That the friendship in question is between a lonely, busking bear and an orphaned, artistically-inclined mouse -- the Ernest and Celestine of the title -- wouldn't make this any less humane an exercise, even if the anthropomorphism on display were less extreme. As it stands, adults and children alike can attach as much allegorical value as they wish to the film's curiously divided under-versus-overground story world, wherein the subterranean-dwelling mouse population has long been at war with the bears above ground. (Both strata are littered with quirky practical details: that dentistry is the rodents' dominant industry is a touch that will please anyone who, like me, grew up with a Tooth Mouse instead of a Tooth Fairy.)  

When Ernest and Celestine, neither of whose bohemian inclinations makes them a natural fit in their respective societies, meet and swiftly bond despite their ingrained distrust of the other species, their eventual escape -- a chaste elopement, of sorts -- to Ernest's remote forest hut is a bolder act of social rebellion than either of these furry naifs seems to realize. Ascribe a racial or class-based reading to this story if you like: either works, as a pair of neatly twinned climactic court cases bring both populations to the epiphany that, hey, they aren't so different after all. Still, lest one risk flying too many symbolic flags off this easygoing kids' fable, this is less preoccupied with PC notions of community than the value of connecting with just one like mind.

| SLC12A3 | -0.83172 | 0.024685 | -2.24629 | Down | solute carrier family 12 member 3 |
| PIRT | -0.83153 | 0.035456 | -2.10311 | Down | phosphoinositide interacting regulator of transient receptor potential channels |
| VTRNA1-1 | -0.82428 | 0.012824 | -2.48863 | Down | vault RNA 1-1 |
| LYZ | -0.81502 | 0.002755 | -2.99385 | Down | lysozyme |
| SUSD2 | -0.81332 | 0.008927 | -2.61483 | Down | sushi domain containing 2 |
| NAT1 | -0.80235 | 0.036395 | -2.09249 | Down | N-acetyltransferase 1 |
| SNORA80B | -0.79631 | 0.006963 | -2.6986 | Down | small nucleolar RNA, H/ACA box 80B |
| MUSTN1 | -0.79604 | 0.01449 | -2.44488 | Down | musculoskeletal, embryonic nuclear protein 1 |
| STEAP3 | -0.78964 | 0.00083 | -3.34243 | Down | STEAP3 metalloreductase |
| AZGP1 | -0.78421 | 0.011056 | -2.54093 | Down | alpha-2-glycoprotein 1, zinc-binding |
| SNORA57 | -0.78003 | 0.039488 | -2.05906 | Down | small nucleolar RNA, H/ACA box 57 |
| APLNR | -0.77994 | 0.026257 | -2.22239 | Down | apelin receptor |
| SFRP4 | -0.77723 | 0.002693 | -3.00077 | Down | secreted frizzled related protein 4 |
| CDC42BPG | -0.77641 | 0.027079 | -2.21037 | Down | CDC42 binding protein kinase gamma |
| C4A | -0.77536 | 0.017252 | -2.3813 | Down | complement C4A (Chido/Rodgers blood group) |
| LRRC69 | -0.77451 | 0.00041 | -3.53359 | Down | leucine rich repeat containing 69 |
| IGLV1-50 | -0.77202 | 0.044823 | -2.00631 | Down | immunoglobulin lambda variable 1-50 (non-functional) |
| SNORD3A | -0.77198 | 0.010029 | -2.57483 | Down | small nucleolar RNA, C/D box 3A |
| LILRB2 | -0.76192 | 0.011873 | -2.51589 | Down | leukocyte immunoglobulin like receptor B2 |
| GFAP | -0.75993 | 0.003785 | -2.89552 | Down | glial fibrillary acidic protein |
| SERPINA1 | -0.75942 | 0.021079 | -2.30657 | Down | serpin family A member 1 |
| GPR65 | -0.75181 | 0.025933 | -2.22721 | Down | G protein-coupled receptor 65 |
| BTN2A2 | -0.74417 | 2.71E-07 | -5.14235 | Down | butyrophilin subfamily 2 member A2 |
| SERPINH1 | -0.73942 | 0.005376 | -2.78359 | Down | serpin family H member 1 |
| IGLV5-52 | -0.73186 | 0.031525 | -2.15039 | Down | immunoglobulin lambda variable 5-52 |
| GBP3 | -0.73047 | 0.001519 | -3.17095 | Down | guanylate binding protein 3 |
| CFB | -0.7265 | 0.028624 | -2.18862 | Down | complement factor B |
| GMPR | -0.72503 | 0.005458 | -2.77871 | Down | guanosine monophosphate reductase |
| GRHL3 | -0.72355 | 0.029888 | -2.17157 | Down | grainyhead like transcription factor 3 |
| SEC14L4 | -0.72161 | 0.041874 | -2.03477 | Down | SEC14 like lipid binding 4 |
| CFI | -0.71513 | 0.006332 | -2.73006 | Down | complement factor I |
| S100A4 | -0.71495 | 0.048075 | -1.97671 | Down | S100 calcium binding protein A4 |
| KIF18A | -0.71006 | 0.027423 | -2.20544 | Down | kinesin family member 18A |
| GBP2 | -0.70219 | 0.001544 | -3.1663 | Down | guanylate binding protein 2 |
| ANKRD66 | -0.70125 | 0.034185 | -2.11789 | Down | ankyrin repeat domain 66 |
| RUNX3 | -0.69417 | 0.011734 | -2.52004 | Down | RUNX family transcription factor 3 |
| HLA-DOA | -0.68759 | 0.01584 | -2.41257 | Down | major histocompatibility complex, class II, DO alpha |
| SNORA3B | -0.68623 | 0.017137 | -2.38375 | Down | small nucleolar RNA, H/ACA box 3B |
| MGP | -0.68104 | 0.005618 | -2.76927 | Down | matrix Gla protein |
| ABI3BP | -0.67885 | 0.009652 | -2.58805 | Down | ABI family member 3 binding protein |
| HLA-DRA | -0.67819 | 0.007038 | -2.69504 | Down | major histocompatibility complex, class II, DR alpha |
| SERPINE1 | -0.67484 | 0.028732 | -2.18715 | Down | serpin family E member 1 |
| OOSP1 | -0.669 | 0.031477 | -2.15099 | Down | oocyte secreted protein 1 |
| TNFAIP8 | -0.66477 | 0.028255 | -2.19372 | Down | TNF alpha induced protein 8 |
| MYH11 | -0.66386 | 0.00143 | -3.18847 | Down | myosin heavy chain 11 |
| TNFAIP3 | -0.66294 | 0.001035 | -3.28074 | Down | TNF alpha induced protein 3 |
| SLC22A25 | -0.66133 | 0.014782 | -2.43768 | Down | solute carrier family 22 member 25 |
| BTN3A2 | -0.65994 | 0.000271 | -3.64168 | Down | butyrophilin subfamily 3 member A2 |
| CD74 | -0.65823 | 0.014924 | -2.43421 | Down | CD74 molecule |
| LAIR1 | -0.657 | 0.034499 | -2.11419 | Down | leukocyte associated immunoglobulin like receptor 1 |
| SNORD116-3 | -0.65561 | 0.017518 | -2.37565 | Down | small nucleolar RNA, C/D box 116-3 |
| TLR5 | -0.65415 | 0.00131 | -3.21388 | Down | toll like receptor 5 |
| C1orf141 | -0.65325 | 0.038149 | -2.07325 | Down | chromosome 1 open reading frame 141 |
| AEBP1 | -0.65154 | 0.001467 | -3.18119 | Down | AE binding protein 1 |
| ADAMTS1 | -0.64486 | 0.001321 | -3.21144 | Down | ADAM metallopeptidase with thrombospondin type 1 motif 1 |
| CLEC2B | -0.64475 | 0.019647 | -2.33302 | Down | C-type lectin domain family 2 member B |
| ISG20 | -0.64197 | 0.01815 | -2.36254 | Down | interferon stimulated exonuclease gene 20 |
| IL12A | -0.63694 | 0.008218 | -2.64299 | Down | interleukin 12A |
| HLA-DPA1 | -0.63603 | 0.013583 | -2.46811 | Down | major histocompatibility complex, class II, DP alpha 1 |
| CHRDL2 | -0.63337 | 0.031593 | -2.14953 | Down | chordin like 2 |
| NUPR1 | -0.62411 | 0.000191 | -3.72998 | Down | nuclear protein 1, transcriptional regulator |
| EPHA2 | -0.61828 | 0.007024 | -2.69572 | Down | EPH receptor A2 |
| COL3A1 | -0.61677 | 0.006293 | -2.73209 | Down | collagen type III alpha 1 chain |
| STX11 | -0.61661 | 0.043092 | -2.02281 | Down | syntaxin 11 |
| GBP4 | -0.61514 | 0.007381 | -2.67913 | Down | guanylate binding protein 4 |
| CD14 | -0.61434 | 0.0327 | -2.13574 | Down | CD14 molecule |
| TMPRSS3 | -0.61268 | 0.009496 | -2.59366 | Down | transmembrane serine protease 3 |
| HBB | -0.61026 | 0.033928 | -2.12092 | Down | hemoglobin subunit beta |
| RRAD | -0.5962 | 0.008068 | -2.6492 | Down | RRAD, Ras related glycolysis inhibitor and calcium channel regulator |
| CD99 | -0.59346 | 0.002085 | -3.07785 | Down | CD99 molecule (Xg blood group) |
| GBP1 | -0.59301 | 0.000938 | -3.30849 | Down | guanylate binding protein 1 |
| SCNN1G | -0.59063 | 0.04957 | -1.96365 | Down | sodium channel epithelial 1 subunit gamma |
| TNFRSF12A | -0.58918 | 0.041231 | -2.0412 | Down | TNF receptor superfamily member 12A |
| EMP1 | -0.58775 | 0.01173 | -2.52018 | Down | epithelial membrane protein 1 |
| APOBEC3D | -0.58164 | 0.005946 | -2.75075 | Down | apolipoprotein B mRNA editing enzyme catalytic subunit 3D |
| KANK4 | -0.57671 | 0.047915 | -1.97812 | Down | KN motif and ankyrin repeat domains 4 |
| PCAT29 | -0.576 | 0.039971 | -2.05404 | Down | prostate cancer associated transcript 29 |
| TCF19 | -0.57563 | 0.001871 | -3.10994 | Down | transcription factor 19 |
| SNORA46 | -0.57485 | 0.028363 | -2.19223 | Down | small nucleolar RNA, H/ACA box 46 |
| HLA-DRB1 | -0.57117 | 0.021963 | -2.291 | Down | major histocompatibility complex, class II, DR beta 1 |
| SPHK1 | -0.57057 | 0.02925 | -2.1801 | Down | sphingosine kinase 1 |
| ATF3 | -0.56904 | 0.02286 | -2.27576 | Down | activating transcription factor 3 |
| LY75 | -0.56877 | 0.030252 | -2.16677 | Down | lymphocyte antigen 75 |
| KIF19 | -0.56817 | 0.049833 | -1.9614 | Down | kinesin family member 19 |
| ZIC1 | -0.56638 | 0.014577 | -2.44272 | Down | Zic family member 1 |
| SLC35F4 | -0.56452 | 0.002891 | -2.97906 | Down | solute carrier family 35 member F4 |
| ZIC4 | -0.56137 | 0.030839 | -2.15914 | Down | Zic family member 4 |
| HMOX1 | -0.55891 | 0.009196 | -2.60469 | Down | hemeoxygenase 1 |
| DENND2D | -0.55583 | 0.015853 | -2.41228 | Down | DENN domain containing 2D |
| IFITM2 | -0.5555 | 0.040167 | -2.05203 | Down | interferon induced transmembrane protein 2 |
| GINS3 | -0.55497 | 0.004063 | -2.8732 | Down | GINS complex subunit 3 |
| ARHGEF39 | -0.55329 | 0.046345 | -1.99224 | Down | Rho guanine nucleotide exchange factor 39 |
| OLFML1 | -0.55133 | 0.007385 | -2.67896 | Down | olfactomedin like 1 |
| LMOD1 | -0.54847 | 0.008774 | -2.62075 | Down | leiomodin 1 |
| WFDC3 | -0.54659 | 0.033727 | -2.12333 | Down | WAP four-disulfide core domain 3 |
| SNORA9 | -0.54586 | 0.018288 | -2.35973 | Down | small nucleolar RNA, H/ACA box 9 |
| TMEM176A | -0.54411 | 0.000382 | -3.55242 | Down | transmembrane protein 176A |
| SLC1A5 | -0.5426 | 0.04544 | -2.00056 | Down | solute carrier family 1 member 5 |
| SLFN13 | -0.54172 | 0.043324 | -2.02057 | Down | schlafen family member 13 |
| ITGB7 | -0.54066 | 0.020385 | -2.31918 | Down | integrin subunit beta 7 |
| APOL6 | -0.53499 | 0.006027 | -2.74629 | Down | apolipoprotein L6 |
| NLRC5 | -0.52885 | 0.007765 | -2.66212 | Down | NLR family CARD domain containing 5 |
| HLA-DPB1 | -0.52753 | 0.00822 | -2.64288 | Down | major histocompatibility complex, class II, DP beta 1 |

If that's a roundabout way of saying that this cotton-soft, pastel-hued romp nonetheless made me sniffle here and there, I'd prefer to see it once more -- with subtitles, this time -- before I make yet greater claims for its emotional subtext. Even taken as minor whimsy, however, the film remains a delight, not least for animation buffs: I imagine more digital assistance than is immediately evident might have gone into the film's graceful pencil-and-wash aesthetic, but the gorgeous results still evoke classic illustration techniques. He may not have written the source books, but one senses Maurice Sendak would be proud.

For all its universal charms, "Ernest and Celestine" is still seeking a US distributor. The film represents a slight challenge to prospective backers: it's perhaps too child-focused for the kind of highbrow arthouse play that, say, "The Illusionist" received through Sony Pictures Classics, but a little too quiet and rarefied for a crossover kid audience, even in redubbed form. GKIDS, which has recently handled such in-between animated items as "A Cat in Paris" and "Chico and Rita" (earning Oscar nods for both), would be the ideal home for Aubier, Patar and Renner's lovely film -- though as Kris wrote recently, their slate is already looking quite robust. "Ernest and Celestine" is exactly the kind of classy, exquisitely crafted European item that regularly springs a surprise in the Oscar race; here's hoping it gets a chance to do so.

For more views on movies, awards season and other pursuits, follow @GuyLodge on Twitter.